Betaine, worth it or not?

Betaine (TMG; trimethylglycine. A glycine amino acid with three methyl groups) is a bodybuilding supplement usually found in pre-workouts to boost muscle growth. Betaine is also used to improve digestion, fight infections, and for methylation support.

Due to its ability to support methylation (converts homocysteine to methionine), it has a methionine “sparing effect” and might aid in nitrogen retention and muscle growth. Methionine is used to create polyamines (which is needed for recovery and growth), creatine and phosphatidylcholine just to name a few.

An elevation in phosphatidylcholine concentration may have potential ergogenic implications for athletic performance. Considering that choline intake is important for enhancing neurotransmitter concentration, the ability to enhance strength, power, or ability to react to external stimuli could be enhanced with greater neurotransmitter formation. Phosphatidylcholine can also be converted to phosphatic acid, which has an anabolic effect (1).

Betaine is also an osmolyte, which maintains adequate cellular hydration. This helps with proper energy production, muscle protein synthesis, DNA replication, etc. If the cell becomes too dehydrated, muscle protein synthesis stops and muscle protein breakdown is increased.

 

Betaine:

  • Improves cellular hydration. Other osmolytes are taurine, inositol, and creatine. Insulin, glycine and glutamine are also able to increase cellular hydration and prevent cellular dehydration. Properly hydrated cells are able to:
    • initiate hypertrophy
    • inhibit protein catabolism
  • Is metabolized to glycine when it has donated its methyl donors. Glycine is an anabolic, anti-catabolic, anti-inflammatory and androgenic amino acid (A).
  • Lowers homocysteine, which inhibits muscle protein synthesis, is inflammatory and promotes disease.
  • Increases growth hormone (GH) and insulin-like growth factor-1 (IGF-1) and lowers cortisol (2).
  • Has been thought to increase creatine, but doesn’t increase creatine phosphate (3).
  • Has been thought to increase nitric oxide, but doesn’t (4).
  • Increase synthesis of phospholipids.

 

So how useful is it really? Let’s look at a few studies.

Exercise performance

Betaine supplementation increases total repetitions and total volume load by approximately 6.5% on the bench press (5).

In another study, they also found an increase in bench press reps, lower lactate, greater muscle tissue oxygen saturation and consumption. The enhancement of performance was similar to beta-alanine and caffeine supplementation. However, the betaine group was eating 400 more calories, which indicates that it wasn’t the betaine that had the ergogenic effect (6).

In two other studies (7, 8) where food intake wasn’t controlled, betaine supplementation (1.25g twice daily) increased power, force and maintenance of these measures in selected performance measures, and these were more apparent in the smaller upper-body muscle groups. However, there were no differences in jump squat power or the number of bench press or squat repetitions. Blood lactate was the same and body weight didn’t change between groups, however, the study was only 14 days long.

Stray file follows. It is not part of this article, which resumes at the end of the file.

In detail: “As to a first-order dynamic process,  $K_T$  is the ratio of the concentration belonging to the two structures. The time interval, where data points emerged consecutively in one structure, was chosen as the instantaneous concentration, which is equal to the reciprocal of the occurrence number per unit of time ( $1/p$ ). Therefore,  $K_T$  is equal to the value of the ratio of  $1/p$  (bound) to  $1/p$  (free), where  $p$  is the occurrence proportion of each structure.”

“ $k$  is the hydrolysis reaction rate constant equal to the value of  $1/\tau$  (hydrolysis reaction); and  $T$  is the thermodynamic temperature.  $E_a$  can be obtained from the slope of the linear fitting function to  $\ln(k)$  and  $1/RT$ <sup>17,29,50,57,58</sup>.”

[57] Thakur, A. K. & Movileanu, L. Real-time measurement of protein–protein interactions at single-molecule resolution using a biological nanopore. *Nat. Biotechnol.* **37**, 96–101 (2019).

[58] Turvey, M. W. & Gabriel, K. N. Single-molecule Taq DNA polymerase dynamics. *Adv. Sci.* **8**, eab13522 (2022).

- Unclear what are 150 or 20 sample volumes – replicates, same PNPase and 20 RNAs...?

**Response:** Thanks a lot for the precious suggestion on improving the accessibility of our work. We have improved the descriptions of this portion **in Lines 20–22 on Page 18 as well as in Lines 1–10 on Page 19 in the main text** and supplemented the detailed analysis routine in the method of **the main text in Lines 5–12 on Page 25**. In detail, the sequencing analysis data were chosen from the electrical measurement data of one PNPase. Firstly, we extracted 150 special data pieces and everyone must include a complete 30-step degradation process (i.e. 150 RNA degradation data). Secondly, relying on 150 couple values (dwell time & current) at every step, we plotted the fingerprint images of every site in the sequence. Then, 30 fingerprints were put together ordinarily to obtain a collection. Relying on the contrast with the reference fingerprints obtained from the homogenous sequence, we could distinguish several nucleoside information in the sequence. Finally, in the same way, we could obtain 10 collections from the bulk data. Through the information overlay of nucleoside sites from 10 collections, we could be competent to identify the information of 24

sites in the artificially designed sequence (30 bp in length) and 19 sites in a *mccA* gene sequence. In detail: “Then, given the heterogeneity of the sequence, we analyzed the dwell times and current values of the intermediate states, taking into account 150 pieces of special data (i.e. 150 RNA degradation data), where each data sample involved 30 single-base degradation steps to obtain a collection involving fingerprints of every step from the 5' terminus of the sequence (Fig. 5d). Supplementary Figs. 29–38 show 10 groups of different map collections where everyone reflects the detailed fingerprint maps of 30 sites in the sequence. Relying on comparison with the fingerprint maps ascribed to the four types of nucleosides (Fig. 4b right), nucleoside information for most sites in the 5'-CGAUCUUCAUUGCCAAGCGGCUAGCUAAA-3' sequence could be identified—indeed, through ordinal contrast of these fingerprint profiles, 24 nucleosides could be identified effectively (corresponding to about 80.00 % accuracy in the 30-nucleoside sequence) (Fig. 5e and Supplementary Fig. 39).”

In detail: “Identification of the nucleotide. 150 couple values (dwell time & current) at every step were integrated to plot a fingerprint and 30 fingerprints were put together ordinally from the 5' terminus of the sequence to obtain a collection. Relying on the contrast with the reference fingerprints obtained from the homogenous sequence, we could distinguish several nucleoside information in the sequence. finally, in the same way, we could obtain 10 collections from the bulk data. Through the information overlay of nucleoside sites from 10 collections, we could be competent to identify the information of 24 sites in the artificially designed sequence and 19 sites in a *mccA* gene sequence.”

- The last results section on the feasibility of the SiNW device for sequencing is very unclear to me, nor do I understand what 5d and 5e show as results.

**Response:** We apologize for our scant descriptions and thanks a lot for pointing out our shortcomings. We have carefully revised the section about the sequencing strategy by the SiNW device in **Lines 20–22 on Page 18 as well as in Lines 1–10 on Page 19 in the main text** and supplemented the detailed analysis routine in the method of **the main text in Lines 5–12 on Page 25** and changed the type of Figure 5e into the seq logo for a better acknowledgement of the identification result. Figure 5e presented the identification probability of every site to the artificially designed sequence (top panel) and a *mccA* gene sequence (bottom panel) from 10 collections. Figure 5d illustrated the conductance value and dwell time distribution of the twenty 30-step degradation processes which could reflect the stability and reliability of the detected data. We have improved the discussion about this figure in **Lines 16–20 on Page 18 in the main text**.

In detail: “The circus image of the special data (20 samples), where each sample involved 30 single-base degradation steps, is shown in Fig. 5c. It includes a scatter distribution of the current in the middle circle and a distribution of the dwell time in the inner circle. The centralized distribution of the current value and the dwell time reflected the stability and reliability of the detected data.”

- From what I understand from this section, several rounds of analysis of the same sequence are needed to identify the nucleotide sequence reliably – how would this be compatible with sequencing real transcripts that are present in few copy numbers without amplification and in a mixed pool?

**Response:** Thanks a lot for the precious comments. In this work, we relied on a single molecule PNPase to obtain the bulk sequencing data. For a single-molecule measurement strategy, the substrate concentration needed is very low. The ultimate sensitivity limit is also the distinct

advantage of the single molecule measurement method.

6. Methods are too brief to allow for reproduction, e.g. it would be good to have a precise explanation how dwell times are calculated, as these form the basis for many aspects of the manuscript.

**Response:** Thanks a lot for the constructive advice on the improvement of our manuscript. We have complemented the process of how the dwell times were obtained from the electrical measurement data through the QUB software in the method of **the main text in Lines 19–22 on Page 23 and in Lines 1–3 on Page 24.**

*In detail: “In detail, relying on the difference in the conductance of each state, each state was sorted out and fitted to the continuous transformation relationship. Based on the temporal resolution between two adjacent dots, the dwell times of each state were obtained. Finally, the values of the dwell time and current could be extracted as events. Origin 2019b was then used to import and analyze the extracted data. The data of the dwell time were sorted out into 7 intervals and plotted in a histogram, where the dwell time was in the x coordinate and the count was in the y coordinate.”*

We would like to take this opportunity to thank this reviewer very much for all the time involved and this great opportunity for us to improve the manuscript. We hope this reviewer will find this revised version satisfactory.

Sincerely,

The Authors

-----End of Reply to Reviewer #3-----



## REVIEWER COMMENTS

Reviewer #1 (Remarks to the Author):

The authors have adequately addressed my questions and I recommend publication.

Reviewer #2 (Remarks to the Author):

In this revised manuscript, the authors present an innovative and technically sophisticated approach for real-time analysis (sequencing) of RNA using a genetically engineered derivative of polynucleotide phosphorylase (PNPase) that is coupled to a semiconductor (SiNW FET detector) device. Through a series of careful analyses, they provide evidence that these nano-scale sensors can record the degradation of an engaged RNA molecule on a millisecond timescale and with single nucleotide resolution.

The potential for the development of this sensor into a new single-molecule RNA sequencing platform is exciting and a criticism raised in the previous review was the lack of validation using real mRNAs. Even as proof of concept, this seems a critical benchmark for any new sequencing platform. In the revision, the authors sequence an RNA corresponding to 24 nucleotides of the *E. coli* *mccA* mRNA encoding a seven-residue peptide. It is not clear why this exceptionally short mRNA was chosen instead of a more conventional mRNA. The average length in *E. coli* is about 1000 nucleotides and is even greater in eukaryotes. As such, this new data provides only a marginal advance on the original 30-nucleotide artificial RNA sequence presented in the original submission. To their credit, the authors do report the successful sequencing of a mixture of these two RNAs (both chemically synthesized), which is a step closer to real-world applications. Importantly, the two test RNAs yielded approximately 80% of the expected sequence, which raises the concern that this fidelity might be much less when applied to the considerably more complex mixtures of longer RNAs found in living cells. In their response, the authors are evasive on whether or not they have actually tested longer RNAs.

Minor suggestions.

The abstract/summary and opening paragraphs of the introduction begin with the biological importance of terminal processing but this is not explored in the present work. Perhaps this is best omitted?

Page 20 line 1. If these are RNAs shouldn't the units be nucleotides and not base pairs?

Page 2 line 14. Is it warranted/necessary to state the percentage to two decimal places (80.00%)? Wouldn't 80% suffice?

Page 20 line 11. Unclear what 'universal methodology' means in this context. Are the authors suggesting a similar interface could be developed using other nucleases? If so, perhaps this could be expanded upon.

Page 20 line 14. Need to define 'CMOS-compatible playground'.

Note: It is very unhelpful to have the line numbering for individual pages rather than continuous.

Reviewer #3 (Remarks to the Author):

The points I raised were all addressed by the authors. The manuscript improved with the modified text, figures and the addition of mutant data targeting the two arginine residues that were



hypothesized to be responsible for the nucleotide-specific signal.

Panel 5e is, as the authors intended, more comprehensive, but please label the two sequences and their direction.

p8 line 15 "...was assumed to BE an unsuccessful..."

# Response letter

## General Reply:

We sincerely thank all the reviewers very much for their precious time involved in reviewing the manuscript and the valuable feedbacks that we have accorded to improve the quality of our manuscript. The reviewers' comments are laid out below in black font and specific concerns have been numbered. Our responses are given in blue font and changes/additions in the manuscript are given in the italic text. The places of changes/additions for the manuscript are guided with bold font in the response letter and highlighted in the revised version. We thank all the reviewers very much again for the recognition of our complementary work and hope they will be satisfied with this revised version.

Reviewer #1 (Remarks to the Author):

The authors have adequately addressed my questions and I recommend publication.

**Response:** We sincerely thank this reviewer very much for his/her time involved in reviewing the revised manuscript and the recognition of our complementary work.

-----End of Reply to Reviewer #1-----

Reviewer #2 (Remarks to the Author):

In a more controlled study, where both the betaine (1.25g twice a day) and placebo group ate the same amount of food (2639 ± 790 kcal, 143.2 ± 70.7 g total protein, 316 ± 109 g total carbohydrates, and 94.2 ± 41.7 g total fat), there wasn’t a difference in strength, power or endurance on the bench, but a small amount on the squat. Unfortunately, they didn’t measure hypertrophy (9).

In another small crossover design study, betaine (2.5g 60 min before workout) didn’t improve exercise performance but did reduce fatigue (10).

 

Strength & hypertrophy

Betaine increased arm size (the betaine group had less size, to begin with), but not leg size. Bench volume increased, but not squat volume. They experienced a decrease in fat mass (they were fatter to begin with) and an increase in lean mass (they had less lean mass to begin with) vs the placebo. However, food intake wasn’t controlled. Hypertrophy was tested via skin folds so the improvements could have been an increase in cellular water, as it’s not an accurate measure of hypertrophy. If weight increases by fluid retention, percent body fat will decrease even if total body fat does not change (11).

 

In this study (12), betaine supplementation didn’t improve fat loss while eating 1500 calories daily (18% protein, 27% fats and 52% carbs). However, they didn’t exercise, as exercise might have enhanced the benefits.

When compared to combined with creatine, betaine didn’t provide any benefit to improving strength, hypertrophy and reducing body fat on its own or in addition with creatine (13). The downsides to this study is that they used untrained men and that the study was only 10 days long. Not nearly enough time to see an improvement in strength, hypertrophy or fat loss.

 

 

Conclusion

Betaine might have a slight benefit to it, but it’s very small. There is a lack of controlled studies of longer duration on trained men. I would not be including this supplement into my own pre-workout, but rather use other ergogenic aids that are also osmolytes, such as creatine, glycine and taurine.

Betaine supplementation is actually able to lower taurine levels by inhibiting the enzyme CDO (cysteine dioxygenase), because homocysteine is converted to methionine, instead of taurine. Taurine is also an ergogenic substance with a lot more benefits than betaine (A). Rather focus on eating enough protein for your methionine and skip in the betaine.

If you still want to take it, 2.5g is the minimum required dose in increase betaine levels pre-workout, and it usually spikes between 40 and 60 minutes after ingestion. Betaine accumulates in the body similar to creatine, which might reduce the need for specific timing as well.

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